As The To Do List opens, it’s the summer of 1993, and Boise, Idaho’s Brandy Klark (Aubrey Plaza) has little on her mind but getting through her valedictorian speech without embarrassing herself, and making sure she has everything she needs for college before fall rolls around. But the speech flops, and then her priorities change. Kidnapped by her worldlier friends Fiona and Wendy (Alia Shawkat and Sarah Steele) and taken to a real graduation party, with kegs and everything, she experiences a sexual awakening, in the form of a music-video-inspired fantasy sequence, upon seeing the shirtless Rusty Waters (Scott Porter) strumming out an acoustic rendition of “Pour Some Sugar On Me.” Later, when told by her older sister Amber (Rachel Bilson) that her freshman year at college will be “one big sexual pop quiz,” Brandy decides she has no interest in failing. So she fills her Trapper Keeper with the titular to-do list, as her thoughts turn away from acquiring shower slippers and toward acquiring experience, including experience of some acts she barely understands. If all goes according to plan, she’ll wind up losing her virginity to Rusty, who, coincidentally, will be spending the summer working beside her at the local pool.
A few different sorts of film vie for screen time in Maggie Carey’s feature debut, some of them sharing space more easily than others. One type is dependent on predictable but accurate early-1990s references. Relatively free of anachronisms—one too-soon Jerry Maguire reference excepted—the film gets the details right, from the videogames to the songs to the sexual frustrations of skorts. The authenticity helps offset the easiness of some of the gags; too often, period pieces simply pile up references from the years around their setting, and hope for the best. The To Do List tries to get at the core 1993-ness of 1993, at least on the surface.
But the nostalgia piece shares space with a frank, often funny tale of falling into sexual experience. That story rarely gets told from a female point of view in teen sex comedies, and The To Do List sometimes plays like a conscious correction of that pattern. Brandy goes about her quest methodically, treating it as a summer-long project without much regard for who pushes her toward her goal, or what anyone else thinks about it. That’s an attitude more at home in 2013 than 1993, when AIDS cast a much longer shadow, and slut-shaming was more cultural norm than boorish offense. Here, safe sex and the “s” word get mentioned only in passing before getting waved away. That loses The To Do List some authenticity points, but gives it a transgressive charge as Brandy moves from one list item to the next, with help from characters played by Donald Glover, Christopher Mintz-Plasse, Andy Samberg (who’s particularly funny as a traveling grunge musician), and Johnny Simmons as Cameron, Brandy’s floppy-haired former lab partner, whose feelings for her run deeper than the others’.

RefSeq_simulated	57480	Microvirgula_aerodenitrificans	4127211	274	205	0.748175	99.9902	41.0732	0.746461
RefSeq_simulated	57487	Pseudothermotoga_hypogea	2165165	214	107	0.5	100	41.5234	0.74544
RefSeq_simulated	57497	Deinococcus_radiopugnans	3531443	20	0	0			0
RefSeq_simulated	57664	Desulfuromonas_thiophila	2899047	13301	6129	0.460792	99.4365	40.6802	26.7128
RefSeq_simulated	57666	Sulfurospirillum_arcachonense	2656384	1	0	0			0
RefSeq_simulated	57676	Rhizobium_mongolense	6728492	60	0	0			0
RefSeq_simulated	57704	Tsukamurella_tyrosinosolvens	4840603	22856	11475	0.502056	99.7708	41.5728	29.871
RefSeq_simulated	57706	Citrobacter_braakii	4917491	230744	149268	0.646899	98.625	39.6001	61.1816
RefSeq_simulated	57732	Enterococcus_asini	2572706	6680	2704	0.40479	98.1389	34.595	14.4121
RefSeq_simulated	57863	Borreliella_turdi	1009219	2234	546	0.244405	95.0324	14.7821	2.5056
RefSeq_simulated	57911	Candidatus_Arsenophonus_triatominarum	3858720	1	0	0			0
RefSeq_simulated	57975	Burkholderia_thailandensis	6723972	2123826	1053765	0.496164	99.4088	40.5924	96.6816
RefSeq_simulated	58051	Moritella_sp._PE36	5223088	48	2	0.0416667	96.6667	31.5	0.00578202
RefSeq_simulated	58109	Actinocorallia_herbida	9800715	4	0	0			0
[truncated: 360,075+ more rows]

Better still are the moments when The To Do List becomes a relaxed hang-out movie set around the pool where most of the characters work, a downscale spot overrun with noisy kids and overseen by the down-on-his-luck Willy (Bill Hader). Most of the film’s best scenes rely on the comic chemistry generated by a cast that seems to enjoy playing off one another. Plaza and Hader, whose take on his character suggests a lifetime of disappointment without spelling out the details, are particularly good together, with Bilson, Clark Gregg, and Connie Britton providing some bright moments as Brandy’s family. The film is rarely better than when it doesn’t appear to be trying that hard.
The trouble starts when it does try too hard. There’s a strain of gross-out humor—most bodily fluids make cameos—that doesn’t mesh well with the rest of the movie. But more bothersome is a tendency The To Do List shares with its heroine: mistaking checking items off a list for progress. One sexual episode follows another without really building toward anything, making a finale in which Brandy spells out what she’s learned from her experiences ring all the more false. (It doesn’t help that Plaza—while always a wry, appealing presence—doesn’t really have the acting chops to convey what her character calls “feelings and emotional crap.”) That fits into the overall scheme of The To Do List, a film determined to treat sex as no big deal even as it obsesses over it. But it also makes the film itself, funny spots and all, feel like no big deal.